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xpatch offers a series of patching commands specific to support patching of biblatex's bibmacros, bibliography drivers and field/names/list formats (not citation commands though, as far as I grasped).

Here in TeX.SX, I sometimes see the use of these possibilities in biblatex related answers. But more frequently (my impression), we find a full redefinition of the respective bibmacros, drivers and formats.

Is there a clear case to use one or another approach in certain cases? What are the pros and cons of either approach, in general? Another way to put the question would be when is it best to use one or another approach?

Though I'd like to consider the question on general terms, I'm particularly interested in the resilience of patched vs fully redefined bibmacros/drivers/formats to changes/updates in biblatex.

Obs: Perhaps this question stems from my lack of familiarity with patching code in general. If this turns out to be too vague to be answered "as is", I'll refrain from the question. But I think the question might be useful. And I would really like to get some grasp of the criteria more experienced users apply when choosing whether to patch or redefine in the context of biblatex in particular.

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    I personally think redefining is easier and can easily be further adopted, because of this I tend to redefine. – Skillmon Jan 6 '18 at 14:38
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This is an interesting question. I assume this question could also be applied to a more general setting, but since I mainly concern myself with biblatex I will stick to the realms of bibliographies.

Normally the nature of the redefinitions are so that only \xpatchbibmacro is relevant, \xapptobibmacro and \xpretobibmacro, which have a slightly simpler syntax, are often not applicable. \xpatchbibmacro's syntax is \xpatchbibmacro{<bibmacro>}{<search>}{<replace>}{<success>}{<failure>}. The command replaces the first instance of <search> in <bibmacro> by <replace>.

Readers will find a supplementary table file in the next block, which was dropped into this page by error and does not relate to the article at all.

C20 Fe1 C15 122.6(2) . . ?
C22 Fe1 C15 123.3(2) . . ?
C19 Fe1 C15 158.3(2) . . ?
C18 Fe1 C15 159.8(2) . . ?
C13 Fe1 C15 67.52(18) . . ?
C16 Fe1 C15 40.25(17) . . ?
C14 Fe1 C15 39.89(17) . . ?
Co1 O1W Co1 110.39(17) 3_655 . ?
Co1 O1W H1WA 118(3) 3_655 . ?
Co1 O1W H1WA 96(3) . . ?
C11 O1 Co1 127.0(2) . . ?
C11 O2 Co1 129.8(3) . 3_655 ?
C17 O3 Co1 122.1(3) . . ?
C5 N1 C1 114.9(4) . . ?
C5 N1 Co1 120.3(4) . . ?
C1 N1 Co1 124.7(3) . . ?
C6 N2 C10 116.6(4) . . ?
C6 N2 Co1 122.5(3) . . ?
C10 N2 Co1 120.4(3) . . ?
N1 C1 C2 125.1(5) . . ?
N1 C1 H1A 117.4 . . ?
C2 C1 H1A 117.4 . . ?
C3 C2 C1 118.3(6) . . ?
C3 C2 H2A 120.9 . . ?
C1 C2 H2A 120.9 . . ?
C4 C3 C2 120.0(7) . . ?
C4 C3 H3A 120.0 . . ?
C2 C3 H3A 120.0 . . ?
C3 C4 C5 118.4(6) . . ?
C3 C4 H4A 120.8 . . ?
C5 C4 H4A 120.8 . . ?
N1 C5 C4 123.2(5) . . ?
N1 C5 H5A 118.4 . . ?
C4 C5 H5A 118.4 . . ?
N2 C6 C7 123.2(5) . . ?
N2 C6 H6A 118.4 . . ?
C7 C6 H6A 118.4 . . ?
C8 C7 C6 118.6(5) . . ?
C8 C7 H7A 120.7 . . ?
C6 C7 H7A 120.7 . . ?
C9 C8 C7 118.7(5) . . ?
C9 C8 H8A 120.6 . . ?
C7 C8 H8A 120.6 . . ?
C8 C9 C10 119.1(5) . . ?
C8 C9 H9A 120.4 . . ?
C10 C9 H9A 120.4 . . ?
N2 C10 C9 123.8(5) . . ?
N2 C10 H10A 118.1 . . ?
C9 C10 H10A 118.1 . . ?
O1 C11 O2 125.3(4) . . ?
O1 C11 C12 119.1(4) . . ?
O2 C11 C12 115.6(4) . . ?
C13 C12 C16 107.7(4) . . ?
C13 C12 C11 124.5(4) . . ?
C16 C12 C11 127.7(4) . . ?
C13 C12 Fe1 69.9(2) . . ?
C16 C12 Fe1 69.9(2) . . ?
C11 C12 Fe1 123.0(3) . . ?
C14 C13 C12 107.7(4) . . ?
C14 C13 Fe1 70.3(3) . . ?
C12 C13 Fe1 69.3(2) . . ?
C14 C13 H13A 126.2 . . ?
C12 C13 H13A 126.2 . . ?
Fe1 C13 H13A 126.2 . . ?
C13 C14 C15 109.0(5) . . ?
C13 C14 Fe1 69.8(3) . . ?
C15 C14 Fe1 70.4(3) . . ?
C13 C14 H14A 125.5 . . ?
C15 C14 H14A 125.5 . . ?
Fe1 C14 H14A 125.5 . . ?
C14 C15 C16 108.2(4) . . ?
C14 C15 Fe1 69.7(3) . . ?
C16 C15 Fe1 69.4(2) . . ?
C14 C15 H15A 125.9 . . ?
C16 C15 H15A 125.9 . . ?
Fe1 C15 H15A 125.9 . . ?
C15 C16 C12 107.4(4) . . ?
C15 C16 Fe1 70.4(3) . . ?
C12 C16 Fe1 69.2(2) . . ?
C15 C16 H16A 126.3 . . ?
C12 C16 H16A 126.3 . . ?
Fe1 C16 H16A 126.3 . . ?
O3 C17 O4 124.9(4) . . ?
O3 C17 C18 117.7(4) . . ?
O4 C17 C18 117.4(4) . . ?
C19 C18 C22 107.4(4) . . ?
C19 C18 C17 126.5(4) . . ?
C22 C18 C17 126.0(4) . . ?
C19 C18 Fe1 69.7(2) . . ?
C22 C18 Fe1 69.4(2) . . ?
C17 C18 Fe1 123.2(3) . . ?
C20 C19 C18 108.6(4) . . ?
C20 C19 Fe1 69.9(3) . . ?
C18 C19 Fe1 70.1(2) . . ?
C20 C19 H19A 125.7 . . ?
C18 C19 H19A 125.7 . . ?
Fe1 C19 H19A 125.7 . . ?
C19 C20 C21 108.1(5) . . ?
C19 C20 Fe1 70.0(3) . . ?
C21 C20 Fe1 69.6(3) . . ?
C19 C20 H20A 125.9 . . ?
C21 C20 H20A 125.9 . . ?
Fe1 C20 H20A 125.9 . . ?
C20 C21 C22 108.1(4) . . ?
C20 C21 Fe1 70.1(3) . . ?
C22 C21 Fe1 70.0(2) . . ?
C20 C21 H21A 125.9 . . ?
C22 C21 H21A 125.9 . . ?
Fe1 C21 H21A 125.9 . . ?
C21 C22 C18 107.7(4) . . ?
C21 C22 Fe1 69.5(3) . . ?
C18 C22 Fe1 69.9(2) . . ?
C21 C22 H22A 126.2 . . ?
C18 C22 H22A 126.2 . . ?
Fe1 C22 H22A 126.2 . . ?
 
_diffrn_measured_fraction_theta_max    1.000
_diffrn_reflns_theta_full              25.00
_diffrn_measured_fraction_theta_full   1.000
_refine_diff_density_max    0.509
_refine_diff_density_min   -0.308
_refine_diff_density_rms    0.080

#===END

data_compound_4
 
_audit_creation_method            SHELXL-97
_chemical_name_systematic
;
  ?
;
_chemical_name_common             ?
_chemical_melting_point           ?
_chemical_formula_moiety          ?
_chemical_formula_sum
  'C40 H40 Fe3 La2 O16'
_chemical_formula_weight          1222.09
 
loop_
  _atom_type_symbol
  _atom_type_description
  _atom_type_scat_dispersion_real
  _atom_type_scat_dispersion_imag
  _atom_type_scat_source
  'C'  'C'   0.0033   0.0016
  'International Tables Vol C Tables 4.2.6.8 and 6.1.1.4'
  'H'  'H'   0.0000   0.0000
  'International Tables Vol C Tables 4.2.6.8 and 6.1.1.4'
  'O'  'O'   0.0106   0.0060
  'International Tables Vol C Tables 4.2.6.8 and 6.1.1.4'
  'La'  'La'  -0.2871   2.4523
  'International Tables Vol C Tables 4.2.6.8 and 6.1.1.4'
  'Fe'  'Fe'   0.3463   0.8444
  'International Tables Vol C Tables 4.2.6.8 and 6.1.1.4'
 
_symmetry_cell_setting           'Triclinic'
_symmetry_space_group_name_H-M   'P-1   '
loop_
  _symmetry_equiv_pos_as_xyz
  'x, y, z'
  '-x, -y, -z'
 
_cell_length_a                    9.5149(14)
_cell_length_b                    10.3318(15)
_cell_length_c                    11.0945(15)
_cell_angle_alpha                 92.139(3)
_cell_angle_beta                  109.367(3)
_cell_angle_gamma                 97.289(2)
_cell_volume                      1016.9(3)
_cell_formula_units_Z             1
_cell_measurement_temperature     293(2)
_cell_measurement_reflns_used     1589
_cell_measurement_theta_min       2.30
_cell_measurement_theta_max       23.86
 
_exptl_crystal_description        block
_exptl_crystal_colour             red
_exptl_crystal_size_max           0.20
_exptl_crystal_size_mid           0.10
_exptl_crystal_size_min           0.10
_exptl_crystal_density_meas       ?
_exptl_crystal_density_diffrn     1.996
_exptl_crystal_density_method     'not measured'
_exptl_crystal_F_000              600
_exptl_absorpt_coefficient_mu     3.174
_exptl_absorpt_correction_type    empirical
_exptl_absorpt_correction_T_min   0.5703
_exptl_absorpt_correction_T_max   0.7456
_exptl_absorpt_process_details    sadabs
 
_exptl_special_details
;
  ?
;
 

In general I prefer to redefine bibmacros directly and not via xpatch.

The pros of this approach are

  • xpatch does not need to be loaded, reducing overhead. xpatch is based on LaTeX3 macros and loads expl3. The overhead is probably negligible, but it is there. I also assume that patching is more expensive than simply redefining a macro, but I can't give you hard numbers here - again the difference is probably negligible.
  • The syntax is slightly simpler: \renewbibmacro{foo}{<new definition>} vs \xpatchbibmacro{foo}{<search>}{<replace>}{<success>}{<failure>}.

    • Often a change just involves a few lines, it is then very easy to copy the original \newbibmacro{foo} definition, drop in a re and modify the macro code. It can be a bit more bothersome to type out \xpatchbibmacro{foo} copy the code to be changed into the <search> argument, add the modified code to <replace> and add the <success> an <failure> code (often just empty groups, don't forget them, though).
    • With short macros where a lot needs to change, \renewbibmacro might actually be shorter.
  • \renewbibmacro might be more instructive for the reader, since she can see the entire relevant macro

    \renewbibmacro*{issue+date}{%
      \printtext[parens]{%
        \printfield{issue}%
        \setunit*{\addcomma\space}%<- change here
        \usebibmacro{date}}%
      \newunit}
    

    shows more clearly what the new code is doing than

    \xpatchbibmacro{issue+date}
      {\setunit*{\addspace}}
      {\setunit*{\addcomma\space}}
      {}{}
    

    The reader does not have to consult the original definition to understand the new behaviour of the macro. She will have to consult the original definition to compare exactly what changed, though.

    This also implies that is easier to extend or adopt the changes.

The cons are

  • Less flexibility. With xpatch you don't have to know the exact definition of the macro you patch. Only the code in <search> is relevant. So xpatch is useful to some extent if the modifications should work independent of the used style.

  • Code length. It might been seen as excessive to copy tens of lines just to change one bit of punctuation.

    This is why for me there is a point at which I will use xpatch. People really like short code. To a certain extent biblatex's tendency to compartmentalise and use many nested short bibmacros allows for tiny changes without too much code in many situations. But some bibmacros are long, and so are the bibdrivers.

    Take for example my answer to How to customize the \textcite command?. The \renewbibmacro would have been around 50 lines, while \xpatchbibmacro only needed 5. All of that was to change one \printnames{labelname} to \printnames[first-last]{labelname}.